In its fourth year, Howard County nonprofit the Marcie and Ellen Foundation continues support of ongoing research at Johns Hopkins that could bring faster detection and treatment to doctors across the country.

Since the organization’s inception in 2012, the Marcie and Ellen Foundation has raised more than $70,000 for breast cancer research, according to its annual financial report for charities, donating 100 percent of the raised net fundsto the Breast Cancer Therapeutics Laboratory at the Sidney Kimmel Comprehensive Cancer Center at Johns Hopkins Hospital in Baltimore.

On Friday, Oct. 21, organization president Cathy Byrne says the foundation’s breast cancer awareness and research funding efforts will continue with its fourth annual breast cancer benefit dinner.

Byrne said her endeavor to raise breast cancer awareness began after her sister, Marcie Westermeyer, lost her battle to breast cancer in October 2006 at age 43. Westermeyer’s friend, Ellen Ervin, was later diagnosed with breast cancer in July 2009 and died in November 2015; she was 51.

Both women grew up in Montgomery County, she said, but raised their families in Howard County. Westermeyer is survived by her husband, Gary, and daughters Lauren and Katie; while Ervin is survived by her husband, Bob, daughters, Caitlin and Meaghan and son, Bobby.

"It was hard. It was just a devastating blow," Byrne said. "I weirdly had a dream with pink balloons, woke up and decided that it would be a great idea if both families had a dinner dance. It has been a really healing endeavor. Our goal is just to continue to raise more money every year and funds for Dr. Ben Ho Park."

A professor of oncology at Johns Hopkins, Park said he spends most of his time in the Breast Cancer Therapeutics Laboratory advancing his research in breast cancer therapies and treatments. His recent research includes blood tests to analyze genetic changes in cancer cells in the blood.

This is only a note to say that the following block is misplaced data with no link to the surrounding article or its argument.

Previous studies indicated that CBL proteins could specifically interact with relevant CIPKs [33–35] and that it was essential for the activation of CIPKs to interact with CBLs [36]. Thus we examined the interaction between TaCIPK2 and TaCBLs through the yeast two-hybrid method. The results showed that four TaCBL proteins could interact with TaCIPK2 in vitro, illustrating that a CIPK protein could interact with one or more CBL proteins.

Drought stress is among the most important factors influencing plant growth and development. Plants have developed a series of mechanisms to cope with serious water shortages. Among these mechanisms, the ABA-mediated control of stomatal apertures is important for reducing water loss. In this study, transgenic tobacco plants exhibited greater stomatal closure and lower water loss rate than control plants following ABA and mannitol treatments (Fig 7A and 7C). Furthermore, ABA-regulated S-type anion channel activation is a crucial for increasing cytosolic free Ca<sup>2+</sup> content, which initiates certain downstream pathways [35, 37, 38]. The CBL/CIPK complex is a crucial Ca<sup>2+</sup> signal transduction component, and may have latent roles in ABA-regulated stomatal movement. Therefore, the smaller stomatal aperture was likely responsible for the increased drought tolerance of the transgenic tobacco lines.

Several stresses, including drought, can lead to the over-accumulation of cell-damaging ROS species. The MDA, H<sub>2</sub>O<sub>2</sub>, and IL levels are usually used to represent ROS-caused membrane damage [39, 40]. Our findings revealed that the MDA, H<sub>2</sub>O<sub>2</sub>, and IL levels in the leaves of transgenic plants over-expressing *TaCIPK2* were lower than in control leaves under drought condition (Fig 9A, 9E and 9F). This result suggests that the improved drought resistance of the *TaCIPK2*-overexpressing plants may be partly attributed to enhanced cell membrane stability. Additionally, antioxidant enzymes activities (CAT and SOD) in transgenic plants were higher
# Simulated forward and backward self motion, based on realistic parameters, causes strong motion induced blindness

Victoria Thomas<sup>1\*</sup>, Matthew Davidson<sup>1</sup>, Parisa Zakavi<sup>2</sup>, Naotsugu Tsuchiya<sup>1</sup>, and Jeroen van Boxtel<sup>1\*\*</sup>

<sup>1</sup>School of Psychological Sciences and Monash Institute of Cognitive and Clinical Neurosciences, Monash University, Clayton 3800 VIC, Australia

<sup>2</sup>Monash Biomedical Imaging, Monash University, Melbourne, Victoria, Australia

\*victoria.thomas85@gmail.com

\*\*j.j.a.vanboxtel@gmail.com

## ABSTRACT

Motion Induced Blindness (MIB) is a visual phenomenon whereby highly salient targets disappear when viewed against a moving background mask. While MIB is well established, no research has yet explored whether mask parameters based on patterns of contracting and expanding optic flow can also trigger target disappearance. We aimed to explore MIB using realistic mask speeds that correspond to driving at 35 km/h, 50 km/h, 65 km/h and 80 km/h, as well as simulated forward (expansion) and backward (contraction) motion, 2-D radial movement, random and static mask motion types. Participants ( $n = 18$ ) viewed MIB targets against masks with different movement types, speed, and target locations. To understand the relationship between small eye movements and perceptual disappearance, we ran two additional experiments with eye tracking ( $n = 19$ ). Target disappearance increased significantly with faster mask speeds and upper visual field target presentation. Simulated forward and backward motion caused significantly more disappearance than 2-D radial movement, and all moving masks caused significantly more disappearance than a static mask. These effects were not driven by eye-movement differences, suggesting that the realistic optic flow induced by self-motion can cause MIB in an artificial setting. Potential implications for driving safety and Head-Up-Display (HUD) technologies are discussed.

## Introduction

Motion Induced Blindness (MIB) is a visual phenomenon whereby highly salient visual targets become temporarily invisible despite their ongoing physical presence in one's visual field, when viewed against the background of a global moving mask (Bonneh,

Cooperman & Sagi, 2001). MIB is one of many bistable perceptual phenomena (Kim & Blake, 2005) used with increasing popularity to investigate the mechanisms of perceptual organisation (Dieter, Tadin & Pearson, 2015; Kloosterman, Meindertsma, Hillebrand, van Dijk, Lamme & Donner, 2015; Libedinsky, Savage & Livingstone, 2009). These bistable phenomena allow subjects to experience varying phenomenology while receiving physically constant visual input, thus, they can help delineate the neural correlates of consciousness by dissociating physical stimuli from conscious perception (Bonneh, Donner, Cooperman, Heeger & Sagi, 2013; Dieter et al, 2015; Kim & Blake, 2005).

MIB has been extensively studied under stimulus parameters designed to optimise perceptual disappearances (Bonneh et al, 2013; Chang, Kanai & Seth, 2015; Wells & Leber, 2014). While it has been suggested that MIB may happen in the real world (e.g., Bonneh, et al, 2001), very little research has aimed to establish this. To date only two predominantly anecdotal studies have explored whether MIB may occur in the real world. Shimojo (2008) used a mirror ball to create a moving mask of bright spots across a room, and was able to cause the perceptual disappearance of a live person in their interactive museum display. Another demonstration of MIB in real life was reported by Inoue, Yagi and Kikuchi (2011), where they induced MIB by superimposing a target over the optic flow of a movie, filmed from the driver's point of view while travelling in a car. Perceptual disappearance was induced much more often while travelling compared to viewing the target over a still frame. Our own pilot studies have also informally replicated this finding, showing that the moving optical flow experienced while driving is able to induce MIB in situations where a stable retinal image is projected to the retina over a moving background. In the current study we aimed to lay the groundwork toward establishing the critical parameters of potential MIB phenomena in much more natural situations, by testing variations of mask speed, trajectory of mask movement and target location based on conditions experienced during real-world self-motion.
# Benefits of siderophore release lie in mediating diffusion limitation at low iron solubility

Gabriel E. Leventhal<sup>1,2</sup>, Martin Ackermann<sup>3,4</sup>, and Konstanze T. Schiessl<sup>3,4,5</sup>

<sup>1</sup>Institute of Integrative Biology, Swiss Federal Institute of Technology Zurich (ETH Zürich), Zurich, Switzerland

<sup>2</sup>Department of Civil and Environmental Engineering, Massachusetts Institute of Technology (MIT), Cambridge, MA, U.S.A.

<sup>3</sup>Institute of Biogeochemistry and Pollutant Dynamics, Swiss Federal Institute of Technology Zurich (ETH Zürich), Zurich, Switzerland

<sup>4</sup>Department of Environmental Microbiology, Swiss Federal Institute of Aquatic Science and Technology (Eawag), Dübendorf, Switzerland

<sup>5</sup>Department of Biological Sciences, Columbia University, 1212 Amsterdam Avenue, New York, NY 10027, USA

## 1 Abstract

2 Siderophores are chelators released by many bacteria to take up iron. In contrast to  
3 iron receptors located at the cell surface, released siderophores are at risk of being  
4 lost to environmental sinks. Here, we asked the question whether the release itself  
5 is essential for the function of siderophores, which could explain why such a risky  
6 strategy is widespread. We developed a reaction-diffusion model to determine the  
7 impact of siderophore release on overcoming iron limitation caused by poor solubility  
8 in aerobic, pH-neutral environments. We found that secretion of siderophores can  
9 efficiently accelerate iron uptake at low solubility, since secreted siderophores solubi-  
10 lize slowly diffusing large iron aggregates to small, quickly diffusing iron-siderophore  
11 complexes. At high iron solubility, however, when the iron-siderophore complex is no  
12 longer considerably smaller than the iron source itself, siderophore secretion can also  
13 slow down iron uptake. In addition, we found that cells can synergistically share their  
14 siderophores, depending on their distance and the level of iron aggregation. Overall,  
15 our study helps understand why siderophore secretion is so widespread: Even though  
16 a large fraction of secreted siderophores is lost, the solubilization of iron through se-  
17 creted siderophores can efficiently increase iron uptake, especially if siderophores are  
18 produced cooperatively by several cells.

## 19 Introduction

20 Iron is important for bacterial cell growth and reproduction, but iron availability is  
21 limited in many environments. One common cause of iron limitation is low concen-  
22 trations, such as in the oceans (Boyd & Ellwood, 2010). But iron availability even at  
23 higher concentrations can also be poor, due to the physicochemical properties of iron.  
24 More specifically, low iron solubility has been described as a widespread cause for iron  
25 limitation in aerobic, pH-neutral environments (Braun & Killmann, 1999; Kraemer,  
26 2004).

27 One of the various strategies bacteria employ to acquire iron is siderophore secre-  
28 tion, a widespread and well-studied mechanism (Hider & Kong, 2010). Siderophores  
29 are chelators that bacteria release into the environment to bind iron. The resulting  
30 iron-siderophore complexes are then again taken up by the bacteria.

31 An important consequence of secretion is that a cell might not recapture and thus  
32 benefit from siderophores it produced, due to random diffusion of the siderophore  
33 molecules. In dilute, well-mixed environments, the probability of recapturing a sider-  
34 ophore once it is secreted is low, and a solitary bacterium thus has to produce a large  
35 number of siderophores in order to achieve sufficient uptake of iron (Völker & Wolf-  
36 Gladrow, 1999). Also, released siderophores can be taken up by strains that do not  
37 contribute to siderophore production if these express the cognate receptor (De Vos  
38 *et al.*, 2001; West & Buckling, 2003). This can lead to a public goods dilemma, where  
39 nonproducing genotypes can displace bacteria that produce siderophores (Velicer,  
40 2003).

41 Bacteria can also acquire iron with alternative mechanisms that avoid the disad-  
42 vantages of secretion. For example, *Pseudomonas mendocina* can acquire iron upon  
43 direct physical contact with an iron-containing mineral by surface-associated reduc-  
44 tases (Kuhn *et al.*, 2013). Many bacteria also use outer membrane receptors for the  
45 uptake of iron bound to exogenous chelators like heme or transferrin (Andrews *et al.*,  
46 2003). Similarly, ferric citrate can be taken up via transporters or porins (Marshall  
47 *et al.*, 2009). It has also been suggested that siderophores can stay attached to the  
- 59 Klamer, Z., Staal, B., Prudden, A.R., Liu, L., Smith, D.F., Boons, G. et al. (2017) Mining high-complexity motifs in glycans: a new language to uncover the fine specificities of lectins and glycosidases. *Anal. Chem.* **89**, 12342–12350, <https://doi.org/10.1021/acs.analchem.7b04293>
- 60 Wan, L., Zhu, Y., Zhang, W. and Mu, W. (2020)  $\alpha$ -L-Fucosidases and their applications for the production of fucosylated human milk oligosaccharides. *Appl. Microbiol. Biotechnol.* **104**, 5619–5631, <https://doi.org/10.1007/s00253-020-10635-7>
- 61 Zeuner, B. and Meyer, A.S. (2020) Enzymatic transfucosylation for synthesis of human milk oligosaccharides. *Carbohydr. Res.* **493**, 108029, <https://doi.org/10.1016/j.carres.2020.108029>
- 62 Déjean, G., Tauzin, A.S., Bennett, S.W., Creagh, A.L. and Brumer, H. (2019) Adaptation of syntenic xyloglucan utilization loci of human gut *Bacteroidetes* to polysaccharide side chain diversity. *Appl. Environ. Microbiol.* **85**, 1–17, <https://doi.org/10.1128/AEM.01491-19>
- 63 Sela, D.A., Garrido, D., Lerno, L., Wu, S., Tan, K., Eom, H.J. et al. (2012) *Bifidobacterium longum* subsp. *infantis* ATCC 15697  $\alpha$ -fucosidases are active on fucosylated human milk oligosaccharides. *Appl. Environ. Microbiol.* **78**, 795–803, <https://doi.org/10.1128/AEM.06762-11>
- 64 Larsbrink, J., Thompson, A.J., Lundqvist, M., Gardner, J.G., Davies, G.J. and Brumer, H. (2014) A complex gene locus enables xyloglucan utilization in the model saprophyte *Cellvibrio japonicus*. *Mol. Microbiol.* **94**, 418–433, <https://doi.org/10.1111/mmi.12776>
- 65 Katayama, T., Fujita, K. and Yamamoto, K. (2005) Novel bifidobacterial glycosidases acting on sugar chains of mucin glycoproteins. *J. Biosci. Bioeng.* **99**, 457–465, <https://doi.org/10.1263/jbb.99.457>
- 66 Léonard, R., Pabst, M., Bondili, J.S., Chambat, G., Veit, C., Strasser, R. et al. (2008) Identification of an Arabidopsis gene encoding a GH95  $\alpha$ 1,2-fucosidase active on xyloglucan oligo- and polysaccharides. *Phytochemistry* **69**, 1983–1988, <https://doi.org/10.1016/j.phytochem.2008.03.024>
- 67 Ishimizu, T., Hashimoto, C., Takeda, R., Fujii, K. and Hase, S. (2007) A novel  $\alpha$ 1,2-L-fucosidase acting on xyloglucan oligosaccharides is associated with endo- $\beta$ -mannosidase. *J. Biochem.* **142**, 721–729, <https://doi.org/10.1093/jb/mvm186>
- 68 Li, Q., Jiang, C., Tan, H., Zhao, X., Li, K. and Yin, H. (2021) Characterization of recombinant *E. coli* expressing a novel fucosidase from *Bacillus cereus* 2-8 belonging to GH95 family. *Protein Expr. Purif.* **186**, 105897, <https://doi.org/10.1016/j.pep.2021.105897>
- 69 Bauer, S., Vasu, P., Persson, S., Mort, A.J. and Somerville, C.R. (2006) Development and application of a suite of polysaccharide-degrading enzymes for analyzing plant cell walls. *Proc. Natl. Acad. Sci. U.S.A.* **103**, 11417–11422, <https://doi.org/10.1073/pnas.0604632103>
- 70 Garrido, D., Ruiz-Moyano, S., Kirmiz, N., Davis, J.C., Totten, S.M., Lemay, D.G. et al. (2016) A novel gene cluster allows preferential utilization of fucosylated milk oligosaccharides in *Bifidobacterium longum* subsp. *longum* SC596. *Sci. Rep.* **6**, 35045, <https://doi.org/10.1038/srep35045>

The new blood test could replace biopsies, which remove tissue samples, and detect the development of cancer sooner, as well as determine if cancer treatments have been effective. Park said breast cancer kills 40,000 women each year in the U.S.

"The blood tests are going to be our pie-in-the-sky goal over the next five to 10 years when we try to prove that the tests are as good as we think they are," he said.

One of the most common diagnostic tests is the CAT scan, which Park says is unable to detect cancer at the microscopic level.

Park, who treated Ervin following the recurrence of her breast cancer in 2012, said funds from outside groups are important as federal research grants diminish.

"Specifically for breast cancer research, the funding has kind of run dry at the government level," Park said. "Even though it’s still there, it’s nowhere near the level it was 15 or 20 years ago. That has really created a challenge for people like me, so philanthropy and the support we get from a foundation like Marcie and Ellen really keep everything going."

According to the National Institutes of Health, breast cancer research funds decreased between fiscal 2012 and 2013 from $800 million to $657 million. In the current fiscal year, $699 million is being allocated.